Minus K Technology

by Dave Glackin

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(Positive Feedback Online - June/July 2002) -- Saul Sokolsky of The Audio Enthusiast in Palos Verdes, California called to tell me that he had just heard an audio device like no other he had ever heard, and that I had to hear it but he couldn't tell me what it was. My first thought was, "Oh no, not another audio device. How many things does the audiophile world need, and what are we still without? How many more truly significant improvements can be made, and how many 'improvements' have already been relegated to the dustbin of history?" But Saul inveigled me to get myself forthwith to his home-cum-dealership, noting that I wouldn't be sorry. And he was right. But I'm getting ahead of myself.

Dr. David Platus is President of Minus K Technology in Inglewood, California (www.minusk.com). He manufactures leading-edge vibration isolation platforms that are intended to all but eliminate building and ground vibration in situations involving very sensitive analytical techniques. Typical applications include measurements made on the subatomic level. Atomic force microscopes (AFMs) reportedly achieve their lowest noise level ever when isolated with the Minus K platforms. The world's leading AFM maker has reportedly built a Minus K platform into one of its instruments. The Institute for Human Brain Research in Sweden is reportedly using Minus K products in their highly sensitive low-voltage fluorescent die imaging, which measures neural activity in the brains of animals. A company that wants to suspend and isolate a 10,000-lb. granite slab has reportedly come to Minus K for help. More recently, Minus K was asked to isolate a 70-ton item.

The application that most impresses me is that the Jet Propulsion Lab here in Pasadena is using three of David's platforms to isolate its 4300 lb. Space Interferometry Mission (SIM) test structure. This spacecraft is intended to use optical interferometry to measure the distances between objects in deep space with unprecedented precision. The technique uses spaced optical elements, the relative position and orientation of which must be known with nanometer precision. The Minus K device was the only isolator that met the specifications for the test structure. Also in the space biz, David's platforms are being used at Ball Aerospace & Technologies to isolate the Cryogenic Telescope Assembly (CTA) in thermal vacuum tests. The CTA is the eyes of NASA's Space Infrared Telescope Facility, a mission I almost wound up working on in 1978 when it was first being planned.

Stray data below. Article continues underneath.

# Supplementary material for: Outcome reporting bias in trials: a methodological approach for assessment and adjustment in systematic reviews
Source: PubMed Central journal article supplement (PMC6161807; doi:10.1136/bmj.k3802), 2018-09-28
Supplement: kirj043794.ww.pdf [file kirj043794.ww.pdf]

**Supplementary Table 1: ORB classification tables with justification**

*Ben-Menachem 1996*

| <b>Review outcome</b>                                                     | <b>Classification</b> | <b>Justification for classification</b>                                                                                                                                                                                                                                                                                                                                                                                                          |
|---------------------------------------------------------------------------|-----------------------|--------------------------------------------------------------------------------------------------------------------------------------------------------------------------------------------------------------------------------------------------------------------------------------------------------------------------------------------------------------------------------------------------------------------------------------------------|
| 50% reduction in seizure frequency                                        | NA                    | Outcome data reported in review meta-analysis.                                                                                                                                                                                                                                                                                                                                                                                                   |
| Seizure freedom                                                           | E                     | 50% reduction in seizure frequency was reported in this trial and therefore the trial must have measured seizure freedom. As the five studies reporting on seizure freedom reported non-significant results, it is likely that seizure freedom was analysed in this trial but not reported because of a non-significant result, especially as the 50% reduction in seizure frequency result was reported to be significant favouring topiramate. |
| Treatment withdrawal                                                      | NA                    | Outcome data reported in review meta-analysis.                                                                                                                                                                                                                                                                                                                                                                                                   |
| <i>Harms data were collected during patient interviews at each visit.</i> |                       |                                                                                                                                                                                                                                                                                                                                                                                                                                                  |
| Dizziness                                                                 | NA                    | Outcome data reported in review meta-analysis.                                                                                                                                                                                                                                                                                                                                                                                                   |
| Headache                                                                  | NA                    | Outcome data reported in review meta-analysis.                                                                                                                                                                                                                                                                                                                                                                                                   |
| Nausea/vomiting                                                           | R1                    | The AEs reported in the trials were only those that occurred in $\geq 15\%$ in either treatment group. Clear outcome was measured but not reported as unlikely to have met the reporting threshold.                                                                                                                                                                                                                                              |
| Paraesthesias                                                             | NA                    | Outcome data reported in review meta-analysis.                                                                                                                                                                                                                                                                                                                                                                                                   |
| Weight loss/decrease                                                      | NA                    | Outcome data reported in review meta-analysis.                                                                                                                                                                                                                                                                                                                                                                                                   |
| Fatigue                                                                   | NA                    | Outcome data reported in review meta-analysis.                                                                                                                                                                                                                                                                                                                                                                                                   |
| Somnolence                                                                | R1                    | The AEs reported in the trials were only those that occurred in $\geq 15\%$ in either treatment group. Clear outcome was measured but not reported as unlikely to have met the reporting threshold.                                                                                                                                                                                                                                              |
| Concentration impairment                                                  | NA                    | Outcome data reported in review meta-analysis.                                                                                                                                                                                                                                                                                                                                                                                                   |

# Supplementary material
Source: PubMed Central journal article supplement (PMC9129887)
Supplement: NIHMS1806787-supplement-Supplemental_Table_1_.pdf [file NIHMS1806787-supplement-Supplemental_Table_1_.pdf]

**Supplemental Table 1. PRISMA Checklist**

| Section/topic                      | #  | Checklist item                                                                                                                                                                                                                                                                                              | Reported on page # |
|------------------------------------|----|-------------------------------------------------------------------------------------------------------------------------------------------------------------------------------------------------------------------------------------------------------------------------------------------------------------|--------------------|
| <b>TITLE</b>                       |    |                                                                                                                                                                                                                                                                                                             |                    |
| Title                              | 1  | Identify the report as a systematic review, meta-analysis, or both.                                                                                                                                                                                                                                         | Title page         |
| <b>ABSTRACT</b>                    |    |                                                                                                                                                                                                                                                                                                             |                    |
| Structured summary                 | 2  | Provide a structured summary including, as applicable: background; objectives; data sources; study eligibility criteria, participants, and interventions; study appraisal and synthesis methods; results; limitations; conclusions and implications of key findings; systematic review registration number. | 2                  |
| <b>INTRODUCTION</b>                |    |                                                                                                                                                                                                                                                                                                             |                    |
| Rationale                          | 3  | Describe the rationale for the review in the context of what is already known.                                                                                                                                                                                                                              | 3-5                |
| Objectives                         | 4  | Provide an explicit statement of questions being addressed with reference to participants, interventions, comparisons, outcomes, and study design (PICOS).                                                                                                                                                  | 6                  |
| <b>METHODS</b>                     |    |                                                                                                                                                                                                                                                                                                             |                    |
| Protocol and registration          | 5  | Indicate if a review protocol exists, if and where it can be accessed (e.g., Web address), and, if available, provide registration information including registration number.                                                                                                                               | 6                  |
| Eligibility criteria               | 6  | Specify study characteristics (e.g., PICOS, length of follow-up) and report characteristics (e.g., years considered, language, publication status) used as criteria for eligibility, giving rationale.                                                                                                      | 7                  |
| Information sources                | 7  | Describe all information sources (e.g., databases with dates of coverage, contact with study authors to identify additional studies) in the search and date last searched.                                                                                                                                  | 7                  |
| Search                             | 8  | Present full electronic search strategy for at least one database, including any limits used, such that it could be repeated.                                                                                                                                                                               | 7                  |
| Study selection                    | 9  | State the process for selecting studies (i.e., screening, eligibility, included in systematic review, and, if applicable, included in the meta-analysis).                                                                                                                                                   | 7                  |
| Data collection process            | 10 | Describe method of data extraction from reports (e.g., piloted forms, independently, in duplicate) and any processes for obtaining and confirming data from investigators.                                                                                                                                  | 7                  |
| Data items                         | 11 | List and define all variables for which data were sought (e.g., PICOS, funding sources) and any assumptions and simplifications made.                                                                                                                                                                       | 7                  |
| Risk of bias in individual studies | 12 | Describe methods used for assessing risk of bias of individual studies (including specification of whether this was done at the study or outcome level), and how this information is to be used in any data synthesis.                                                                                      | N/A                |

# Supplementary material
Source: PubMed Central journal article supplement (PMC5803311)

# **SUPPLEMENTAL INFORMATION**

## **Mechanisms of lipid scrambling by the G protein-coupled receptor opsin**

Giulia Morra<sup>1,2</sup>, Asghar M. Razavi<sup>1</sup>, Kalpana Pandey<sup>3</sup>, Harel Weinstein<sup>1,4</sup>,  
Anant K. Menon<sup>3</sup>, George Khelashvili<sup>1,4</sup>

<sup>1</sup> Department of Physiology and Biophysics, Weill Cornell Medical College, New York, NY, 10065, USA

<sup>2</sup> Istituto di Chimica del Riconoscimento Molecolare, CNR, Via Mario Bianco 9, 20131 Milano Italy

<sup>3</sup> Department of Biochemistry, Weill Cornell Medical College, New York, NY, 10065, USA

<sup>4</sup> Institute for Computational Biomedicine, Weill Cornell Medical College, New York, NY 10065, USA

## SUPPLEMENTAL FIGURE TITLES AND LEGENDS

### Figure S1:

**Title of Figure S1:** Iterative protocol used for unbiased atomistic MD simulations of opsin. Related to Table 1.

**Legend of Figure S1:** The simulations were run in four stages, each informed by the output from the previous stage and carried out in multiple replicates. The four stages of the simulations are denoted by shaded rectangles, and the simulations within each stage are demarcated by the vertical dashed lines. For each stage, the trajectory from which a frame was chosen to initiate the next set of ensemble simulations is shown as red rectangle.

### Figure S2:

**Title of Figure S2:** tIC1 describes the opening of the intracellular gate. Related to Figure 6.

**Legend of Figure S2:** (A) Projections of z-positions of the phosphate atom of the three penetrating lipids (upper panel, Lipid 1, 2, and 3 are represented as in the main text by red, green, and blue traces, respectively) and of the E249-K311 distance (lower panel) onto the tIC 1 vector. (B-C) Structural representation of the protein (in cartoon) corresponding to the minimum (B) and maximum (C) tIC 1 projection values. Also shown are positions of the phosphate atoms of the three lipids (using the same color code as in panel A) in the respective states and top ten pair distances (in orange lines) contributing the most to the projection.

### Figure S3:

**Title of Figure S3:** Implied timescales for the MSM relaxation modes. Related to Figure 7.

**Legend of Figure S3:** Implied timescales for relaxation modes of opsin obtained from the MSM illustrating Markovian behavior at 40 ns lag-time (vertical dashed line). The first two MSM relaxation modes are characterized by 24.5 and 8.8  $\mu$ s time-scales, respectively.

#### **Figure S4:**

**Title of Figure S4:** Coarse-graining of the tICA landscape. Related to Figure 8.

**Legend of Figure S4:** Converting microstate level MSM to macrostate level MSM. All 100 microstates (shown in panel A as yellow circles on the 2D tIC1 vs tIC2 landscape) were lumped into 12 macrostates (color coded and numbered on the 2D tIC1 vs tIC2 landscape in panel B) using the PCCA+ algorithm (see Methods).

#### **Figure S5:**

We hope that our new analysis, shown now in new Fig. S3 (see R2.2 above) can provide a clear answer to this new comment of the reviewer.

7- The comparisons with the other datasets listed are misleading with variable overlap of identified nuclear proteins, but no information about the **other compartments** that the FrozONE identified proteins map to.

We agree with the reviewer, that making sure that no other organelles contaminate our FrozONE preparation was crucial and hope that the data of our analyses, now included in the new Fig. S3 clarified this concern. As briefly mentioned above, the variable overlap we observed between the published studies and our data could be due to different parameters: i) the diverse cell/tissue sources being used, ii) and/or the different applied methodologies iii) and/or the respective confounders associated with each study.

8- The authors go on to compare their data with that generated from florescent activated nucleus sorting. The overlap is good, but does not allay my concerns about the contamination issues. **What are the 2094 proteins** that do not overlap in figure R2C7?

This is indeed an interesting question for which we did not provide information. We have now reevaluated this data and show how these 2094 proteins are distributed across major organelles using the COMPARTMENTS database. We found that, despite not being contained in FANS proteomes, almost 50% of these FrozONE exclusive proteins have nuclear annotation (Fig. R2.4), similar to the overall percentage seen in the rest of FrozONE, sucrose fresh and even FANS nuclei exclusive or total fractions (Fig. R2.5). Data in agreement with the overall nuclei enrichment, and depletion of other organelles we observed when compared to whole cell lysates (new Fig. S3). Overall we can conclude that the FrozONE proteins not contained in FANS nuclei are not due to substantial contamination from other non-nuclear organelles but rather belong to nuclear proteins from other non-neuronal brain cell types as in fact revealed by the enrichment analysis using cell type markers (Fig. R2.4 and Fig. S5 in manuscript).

For many years now, people have been telling David that he should develop a platform for audio applications. Your humble reporter is the first member of the audiophile press to have heard what one of David's platforms can do, and IMHO, the results of our two listening sessions warrant the development of a platform specifically designed for audio applications, so read on.

Upon entering Saul's home for the first listening session, I met Dr. David Platus, and was somewhat startled to meet his doppelganger, his twin brother Daniel. David proved to be a very engaging, serious, and obviously capable individual. He unveiled a modified version of his "Small Biscuit" isolation platform, which is 16.2" X 16.2", with a height of 8.5" and a weight of 60 lbs. The natural frequency of this unit is adjustable down to 0.5Hz or less, which is quite impressive. When adjusted to 0.5Hz, vibrations both vertical and horizontal at 5Hz are attenuated by a factor of approximately 100. Ballast weights needed to be placed on the top because the turntable we used in this audition was lighter than the minimum intended load. This is neither an active nor an air flotation device. Its isolation is achieved purely by mechanical means, using a principle called "negative stiffness" (hence the company name Minus K, see the web site for details). David and his brother ministered to the unit for a bit, until it would "float" properly with the intended load. In this initial audition, the Small Biscuit was used only under the turntable. For this session, the vertical frequency was set at < 0.5Hz, and the horizontal frequency was 1Hz. The standard Small Biscuit was modified to have stiffness in the yaw direction (rotation about the vertical axis), since yaw movements are undesirable in a turntable. (Incidentally, this was a manually adjustable unit. On the Minus K web site, you'll also see servo-system-controlled units.)